Figure 6b shows the segregation of vesicles for case (i). DOPC is only marginally thermophobic in this temperature range; therefore, the concentration of DOPC at the hot and cold plates differs very little from the initial concentration. DGDG migrates to the hot side, giving a segregation on the hot plate of DOPC:DGDG of 24:76. On the cold side, there is little difference in the relative concentrations of each species. In comparison, approach (ii) results in similar thermophobic migration of both vesicle types, accumulating both species on the cold plate. The ST value for DOPC is higher than for DGDG and so results in enhanced concentration of DOPC on the cold plate (compared to DGDG) at late times. The faster dynamics of DOPC compared to DGDG is also reflected in the exponential fitting parameters for the data in Fig. 6c (see Supplementary Table 1). The relative concentration of DOPC:DGDG on the cold side after 50 min was 57:43 (Fig. 6c). Due to depletion of both species away from higher temperatures, there is little difference in the relative concentrations on the hot side. The separation ratios indicate that in this case method (i) is more efficient at separating the two vesicle species.

For each of the binary vesicle mixtures, good separation by head group is achievable (upwards of three times the concentration of vesicle type 1 compared to type 2). For vesicles with ST values of opposite sign and high magnitude (for example, POPG and DOPC), the segregation approaches ‘complete’ on the hot side (24 times vesicle type 1 to type 2). The technique could easily be applied to a wider mixture of head group types, for example, ternary or quaternary mixtures, and developed into a simple separation device with reasonably fast separation times (20–60 min). A continuous flow device similar to that developed by Piazza et al.4 would be appropriate, which used flow rates up to 0.05 μl min−1 and channel widths of 75 μm. Similar possibilities arise from this work, but a higher temperature gradient would be required to reach steady state after the same time frame. This separation method in the presence of flow has the potential for high-throughput sorting of cell blebs by composition and the fractionation of vesicles including or excluding particular membrane proteins.

Vesicles of two lipid components and a sterol

For comparison with the vesicles made of only a single lipid, we look at vesicles composed of two lipids and a sterol, where each component lipid provides an opposite response, that is, one is thermophilic and the other is thermophobic. For this purpose, we choose SQDG/DOPG/cholestanol (chol) and DOPC/DOPG/chol vesicles (with component ratios of 27.5:27.5:45 mol%). Note that vesicles formed from these compositions do not phase separate into micrometer-scale domains (we have not investigated if nanodomains form). The chol ensures membrane fluidity and inserts into the hydrophobic part of the bilayer so is unexposed to the solvent. As such, the chol has negligible effect on the Soret coefficient (Supplementary Fig. 4), as with the lipid tail groups. In this case, we see an interesting transitory behaviour, where at high mean temperatures ST follows the curve for the more thermophobic component, and at low mean temperatures, ST follows the curve of the more thermophilic component, shown in Fig. 7. At intermediate temperatures, the competing thermophoretic responses result in an intermediate ST. The change in ST with temperature is increased compared to that of the single components near the transition from thermophilic to thermophobic behaviour (ST=0). The magnitude of ST therefore changes more significantly over a smaller temperature range, enabling a switch from a high magnitude ST of negative sign to a high magnitude ST of positive sign. Indeed the variation in the thermophoretic mobility with temperature is enhanced during the transition, with dDT/dT0.10–0.11 × 10−13 (Fig. 8). The diffusion coefficients for the SQDG/DOPG/chol and DOPC/DOPG/chol mixtures closely match those expected for spheres (see inset in Fig. 8).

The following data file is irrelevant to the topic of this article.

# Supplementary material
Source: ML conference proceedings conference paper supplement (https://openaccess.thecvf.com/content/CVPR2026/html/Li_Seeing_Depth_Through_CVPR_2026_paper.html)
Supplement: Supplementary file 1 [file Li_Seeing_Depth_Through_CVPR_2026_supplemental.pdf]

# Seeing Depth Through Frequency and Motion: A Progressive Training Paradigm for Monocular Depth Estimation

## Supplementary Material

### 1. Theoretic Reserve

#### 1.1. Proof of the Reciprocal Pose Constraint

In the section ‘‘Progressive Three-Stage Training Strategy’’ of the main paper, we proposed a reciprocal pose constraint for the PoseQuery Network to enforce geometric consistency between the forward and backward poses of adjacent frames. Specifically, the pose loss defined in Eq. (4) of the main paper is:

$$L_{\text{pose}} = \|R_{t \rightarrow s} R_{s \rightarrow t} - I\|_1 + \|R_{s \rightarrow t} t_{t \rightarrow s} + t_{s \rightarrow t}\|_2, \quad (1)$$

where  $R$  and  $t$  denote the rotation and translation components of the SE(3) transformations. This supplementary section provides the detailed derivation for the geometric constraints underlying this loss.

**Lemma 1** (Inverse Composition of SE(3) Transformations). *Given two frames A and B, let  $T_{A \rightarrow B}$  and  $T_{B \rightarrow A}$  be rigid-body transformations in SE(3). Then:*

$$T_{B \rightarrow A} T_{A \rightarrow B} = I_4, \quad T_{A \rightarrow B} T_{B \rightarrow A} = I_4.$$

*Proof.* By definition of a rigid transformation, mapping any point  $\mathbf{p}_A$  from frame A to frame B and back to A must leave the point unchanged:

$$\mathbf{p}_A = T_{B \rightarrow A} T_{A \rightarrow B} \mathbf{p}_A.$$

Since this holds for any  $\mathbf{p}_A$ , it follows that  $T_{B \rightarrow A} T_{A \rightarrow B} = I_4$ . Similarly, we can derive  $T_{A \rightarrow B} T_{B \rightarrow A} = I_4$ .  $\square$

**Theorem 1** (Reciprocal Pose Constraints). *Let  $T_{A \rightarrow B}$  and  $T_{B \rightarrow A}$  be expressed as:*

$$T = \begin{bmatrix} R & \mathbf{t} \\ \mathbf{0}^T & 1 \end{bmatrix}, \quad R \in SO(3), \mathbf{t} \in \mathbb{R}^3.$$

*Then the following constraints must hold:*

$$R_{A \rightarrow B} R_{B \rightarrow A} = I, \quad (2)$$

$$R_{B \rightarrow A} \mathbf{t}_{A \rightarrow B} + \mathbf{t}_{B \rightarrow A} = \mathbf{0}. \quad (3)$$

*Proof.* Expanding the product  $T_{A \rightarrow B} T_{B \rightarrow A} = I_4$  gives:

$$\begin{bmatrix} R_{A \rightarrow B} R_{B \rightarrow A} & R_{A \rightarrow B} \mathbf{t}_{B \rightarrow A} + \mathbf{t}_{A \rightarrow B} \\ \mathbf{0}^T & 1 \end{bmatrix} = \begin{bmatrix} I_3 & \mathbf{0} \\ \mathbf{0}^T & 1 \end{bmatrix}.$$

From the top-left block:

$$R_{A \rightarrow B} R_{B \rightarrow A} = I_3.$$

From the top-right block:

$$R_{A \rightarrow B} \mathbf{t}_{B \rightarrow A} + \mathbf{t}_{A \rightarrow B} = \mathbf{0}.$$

Figure 7: Thermophoretic properties can be designed by working with vesicles of mixed lipid composition.
figure 7

Here the Soret coefficients for vesicles of the ternary mixtures SQDG/DOPG/chol (27.5:27.5:45 mol%) and DOPC/DOPG/chol (27.5:27.5:45 mol%) are seen to transition between the limiting values for each lipid component (dashed lines), as the mean temperature is increased. At low temperatures, the Soret coefficients closely match the PG-type lipid. Error bars on data indicate the s.d. of ST from five measurements taken at 5 min time intervals after achieving steady state.

Figure 8: In mixed lipid vesicles the thermophoretic mobility depends more strongly on temperature.
figure 8